The more you talk, the more malevolent your God seems.

And you have yet to show how such a thing is just or perfect.

If you understand the “love me or die” ultimatum as it actually is, it becomes much easier to accept the fact that people, not God, are the ones who chose their eternal destiny.

Actually, no. If your God is indeed all knowing, it knew in advance what you would choose and it would also know exactly what it would take to convince you of its existence. Since it’s all powerful, it can provide whatever it would take without any hardship to itself.

Bad news is that when you leave your earthly life of choosing to separate yourself from God behind, He will not violate your free will and will, just as you wish, allow you to live out your eternity in the state, and place,YOU CHOSE.

So I can live out my afterlife in Disney World?

The only men who will suffer in eternal torment are those who chose to reject God and all His goodness.

In other words, “love your version of truth more than God’s objective truth and die.”

Guess not. Still torture. Guess you don’t get to choose after all.

Honestly, I don’t know how people can read stuff like this about hell and not see the millions of holes in the story, the contradictions and the bald faced nasty humanity shining through in it. This isn’t the plan of a benevolent deity. It’s the yearnings of charlatans and small, brutish, mean people.

Thankfully, there is no reason to believe any of it.



  1. Much of the bible is apocryphal. It’s stories told around ancient campfires to soothe the terrified, to explain moon and sun and stars: to explain how we got here, and eventually that grew into ‘why’ we got here. The same way that we tell our children stories to explain why the puppy died, or how babies are born. all they need at that point is simple language.
    And much of the bible is a history of the jewish nomadic people. I think if you took out the obvious tales of comfort and explanation you’d see how little they resemble the rest of the bible itself. Each stands alone.

    Not everyone welcomes the idea of dying into a dark hole, or of our children or friends or parents being gone ‘forever’. so they figured out that heaven was a good place for them. And bad people went to hell.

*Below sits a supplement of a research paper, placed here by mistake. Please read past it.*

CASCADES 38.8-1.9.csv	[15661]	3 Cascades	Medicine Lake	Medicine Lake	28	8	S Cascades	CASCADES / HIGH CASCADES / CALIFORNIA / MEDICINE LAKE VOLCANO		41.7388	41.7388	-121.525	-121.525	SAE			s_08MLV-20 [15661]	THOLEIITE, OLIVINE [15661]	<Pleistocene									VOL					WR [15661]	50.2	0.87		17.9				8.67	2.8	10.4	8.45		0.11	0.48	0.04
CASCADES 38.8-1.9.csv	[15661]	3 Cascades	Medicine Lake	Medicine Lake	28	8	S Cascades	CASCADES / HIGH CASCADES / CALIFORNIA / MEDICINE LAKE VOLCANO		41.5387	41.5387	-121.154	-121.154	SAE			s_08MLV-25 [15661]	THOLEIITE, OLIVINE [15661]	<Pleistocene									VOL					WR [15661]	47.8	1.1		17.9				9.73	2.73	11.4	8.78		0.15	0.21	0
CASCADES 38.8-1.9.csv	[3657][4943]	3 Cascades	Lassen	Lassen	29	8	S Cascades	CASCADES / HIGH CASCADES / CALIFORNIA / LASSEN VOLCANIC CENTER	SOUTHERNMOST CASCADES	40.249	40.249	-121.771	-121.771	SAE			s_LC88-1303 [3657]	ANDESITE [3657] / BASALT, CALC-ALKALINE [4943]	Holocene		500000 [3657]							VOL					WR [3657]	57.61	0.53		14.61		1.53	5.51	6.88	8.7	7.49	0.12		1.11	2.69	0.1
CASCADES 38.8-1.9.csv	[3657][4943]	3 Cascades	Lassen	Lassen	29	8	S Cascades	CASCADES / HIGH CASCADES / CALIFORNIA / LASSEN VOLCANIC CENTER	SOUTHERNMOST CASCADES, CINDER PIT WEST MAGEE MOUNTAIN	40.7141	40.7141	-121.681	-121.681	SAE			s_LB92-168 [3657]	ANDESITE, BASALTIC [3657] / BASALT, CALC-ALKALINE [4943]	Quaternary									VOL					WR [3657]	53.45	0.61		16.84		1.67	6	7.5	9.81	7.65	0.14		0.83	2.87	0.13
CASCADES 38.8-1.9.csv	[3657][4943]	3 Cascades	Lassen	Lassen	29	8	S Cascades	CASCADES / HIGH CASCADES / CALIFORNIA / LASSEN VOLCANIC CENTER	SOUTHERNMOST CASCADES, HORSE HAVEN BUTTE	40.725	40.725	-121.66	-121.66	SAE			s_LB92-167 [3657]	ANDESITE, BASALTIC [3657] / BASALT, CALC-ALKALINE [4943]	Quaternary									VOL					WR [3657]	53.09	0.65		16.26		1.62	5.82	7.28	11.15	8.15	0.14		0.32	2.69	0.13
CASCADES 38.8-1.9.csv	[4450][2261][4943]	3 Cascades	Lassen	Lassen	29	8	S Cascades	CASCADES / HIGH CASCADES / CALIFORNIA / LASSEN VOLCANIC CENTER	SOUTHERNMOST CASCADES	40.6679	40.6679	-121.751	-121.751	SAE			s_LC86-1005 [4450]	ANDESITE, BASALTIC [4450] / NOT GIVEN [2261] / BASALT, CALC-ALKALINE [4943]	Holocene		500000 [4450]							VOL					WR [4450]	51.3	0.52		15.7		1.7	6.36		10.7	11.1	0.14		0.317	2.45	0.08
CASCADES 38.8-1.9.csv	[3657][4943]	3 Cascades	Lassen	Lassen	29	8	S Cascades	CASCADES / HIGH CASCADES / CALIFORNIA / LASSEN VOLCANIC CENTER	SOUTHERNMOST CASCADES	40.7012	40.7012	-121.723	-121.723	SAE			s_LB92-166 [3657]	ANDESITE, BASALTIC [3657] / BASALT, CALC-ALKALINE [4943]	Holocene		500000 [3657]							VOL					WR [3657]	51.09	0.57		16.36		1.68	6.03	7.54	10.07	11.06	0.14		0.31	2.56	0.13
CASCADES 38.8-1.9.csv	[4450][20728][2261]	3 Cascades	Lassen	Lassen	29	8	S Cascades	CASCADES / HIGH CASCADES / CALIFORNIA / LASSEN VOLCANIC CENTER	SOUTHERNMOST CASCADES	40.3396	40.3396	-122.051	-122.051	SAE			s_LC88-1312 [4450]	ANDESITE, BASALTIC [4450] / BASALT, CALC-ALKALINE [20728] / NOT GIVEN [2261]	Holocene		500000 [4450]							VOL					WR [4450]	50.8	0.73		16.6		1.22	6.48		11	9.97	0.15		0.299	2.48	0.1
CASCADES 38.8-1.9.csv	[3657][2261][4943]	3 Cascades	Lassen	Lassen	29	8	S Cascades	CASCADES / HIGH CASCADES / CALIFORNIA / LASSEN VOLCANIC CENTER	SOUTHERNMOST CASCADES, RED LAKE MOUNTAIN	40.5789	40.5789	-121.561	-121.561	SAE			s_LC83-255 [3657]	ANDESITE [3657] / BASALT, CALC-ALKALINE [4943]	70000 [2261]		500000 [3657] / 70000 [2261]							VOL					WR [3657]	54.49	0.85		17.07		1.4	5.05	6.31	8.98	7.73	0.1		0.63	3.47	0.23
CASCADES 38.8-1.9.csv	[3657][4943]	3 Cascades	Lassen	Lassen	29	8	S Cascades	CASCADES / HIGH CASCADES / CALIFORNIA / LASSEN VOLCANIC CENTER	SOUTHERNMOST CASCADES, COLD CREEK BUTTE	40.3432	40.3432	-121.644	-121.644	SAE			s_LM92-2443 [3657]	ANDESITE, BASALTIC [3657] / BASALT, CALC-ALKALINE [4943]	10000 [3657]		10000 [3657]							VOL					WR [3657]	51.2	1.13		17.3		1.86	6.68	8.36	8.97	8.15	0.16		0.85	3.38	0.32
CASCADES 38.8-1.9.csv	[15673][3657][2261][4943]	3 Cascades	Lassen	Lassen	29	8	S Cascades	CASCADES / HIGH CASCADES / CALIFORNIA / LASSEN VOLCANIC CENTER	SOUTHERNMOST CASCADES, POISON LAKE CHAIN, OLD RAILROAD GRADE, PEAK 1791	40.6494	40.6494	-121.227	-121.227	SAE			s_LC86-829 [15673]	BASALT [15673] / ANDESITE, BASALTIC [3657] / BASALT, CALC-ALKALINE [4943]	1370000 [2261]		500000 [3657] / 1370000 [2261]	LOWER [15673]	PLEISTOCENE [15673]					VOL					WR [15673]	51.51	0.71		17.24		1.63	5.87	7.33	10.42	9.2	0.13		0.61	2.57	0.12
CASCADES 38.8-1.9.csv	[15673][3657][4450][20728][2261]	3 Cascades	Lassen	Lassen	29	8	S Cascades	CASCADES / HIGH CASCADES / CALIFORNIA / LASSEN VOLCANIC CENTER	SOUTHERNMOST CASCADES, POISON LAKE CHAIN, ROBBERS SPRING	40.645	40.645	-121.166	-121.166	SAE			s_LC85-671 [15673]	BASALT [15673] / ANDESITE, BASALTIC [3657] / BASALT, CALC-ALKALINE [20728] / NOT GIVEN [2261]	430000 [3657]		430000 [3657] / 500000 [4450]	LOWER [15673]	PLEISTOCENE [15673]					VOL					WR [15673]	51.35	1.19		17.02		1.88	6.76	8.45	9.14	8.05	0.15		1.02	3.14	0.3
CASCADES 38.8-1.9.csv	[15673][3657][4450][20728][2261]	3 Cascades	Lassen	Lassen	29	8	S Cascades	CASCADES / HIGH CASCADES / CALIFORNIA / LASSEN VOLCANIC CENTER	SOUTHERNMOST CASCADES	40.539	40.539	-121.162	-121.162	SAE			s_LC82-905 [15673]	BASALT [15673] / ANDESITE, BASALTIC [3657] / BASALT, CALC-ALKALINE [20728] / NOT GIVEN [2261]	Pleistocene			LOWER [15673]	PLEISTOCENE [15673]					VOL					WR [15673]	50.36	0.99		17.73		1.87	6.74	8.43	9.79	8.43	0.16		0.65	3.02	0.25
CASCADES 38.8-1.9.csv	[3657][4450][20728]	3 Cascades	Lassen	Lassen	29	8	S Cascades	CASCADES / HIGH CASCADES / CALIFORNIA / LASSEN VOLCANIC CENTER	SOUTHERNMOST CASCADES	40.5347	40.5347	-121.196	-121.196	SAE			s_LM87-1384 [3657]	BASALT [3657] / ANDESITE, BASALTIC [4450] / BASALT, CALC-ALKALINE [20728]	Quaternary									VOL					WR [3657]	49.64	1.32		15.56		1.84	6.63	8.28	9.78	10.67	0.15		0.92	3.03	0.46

I will telll you this, wherever the Christians send me, Im taking my Legos with me for something to do when I get there. And maybe my Scrabble board.

    Oh, and you know as well as I do, we only see what we need to see, and what we want to see. I can sympathize, heck, Id LOVE to know there was an afterlife, but it’s just not there for me now.

    • Yes, interestingly enough, the author said that hell and Christianity isn’t based on fear. Yet staring him right in the face is his thoughts on hell, which show fear (fear of death, fear of people getting away with things etc) shining bright as day.

      Most people would say torture of any kind isn’t ethical. Yet here we have a deity that supposedly will torture you for eternity merely for not believing in it, but it’s described as just and benevolent. The disconnect is unbelievable to me.

  2. This whole “you chose hell” apologetic is nonsense. It is an admission by Christians that the idea of hell is horrific and immoral, and they are trying to soften it for their audience. Romans 9 makes it pretty clear that the God of Paul chooses. And if you don’t believe he chooses at all, then you are left with people getting to unequally hear about it. And no one getting to see any good evidence. I will grant that the Bible in places admits the whole process is unfair (parable of the workers in the vineyard, Romans 9) and says that we just need to accept it. But that message isn’t very palatable to a modern audience so they change it, and expect us to buy it. Not gonna buy it. I’ve read the book myself.
    The message in the book, which isn’t all that clear, and the message they spin it into… both are nonsense.

    • I agree Charles. If you take the all-knowing, all-powerful, benevolent aspects together in a group, the whole hell story doesn’t make sense, no matter what angle you look at it from. It’s a grotesque story and one I would feel ashamed of if I were a Christian. I can see why some sects are backing away from it as fast as possible.

      Interesting point is that hell doesn’t appear in Judaism. Only in the Christian hijacking.

  3. After all, the person who was killed in the stick up at the atm. yesterday ‘chose’ to be shot to death because he loved his money more than his life.
    He chose to die. The gunman isn’t really responsible for his death… is he?

  4. Good post. The inconsistencies and gaping holes in the Christian God idea (any God idea) and his salvation plan can only be avoided with large dollops of cognitive dissonance. Or, as believers call it, ‘faith’.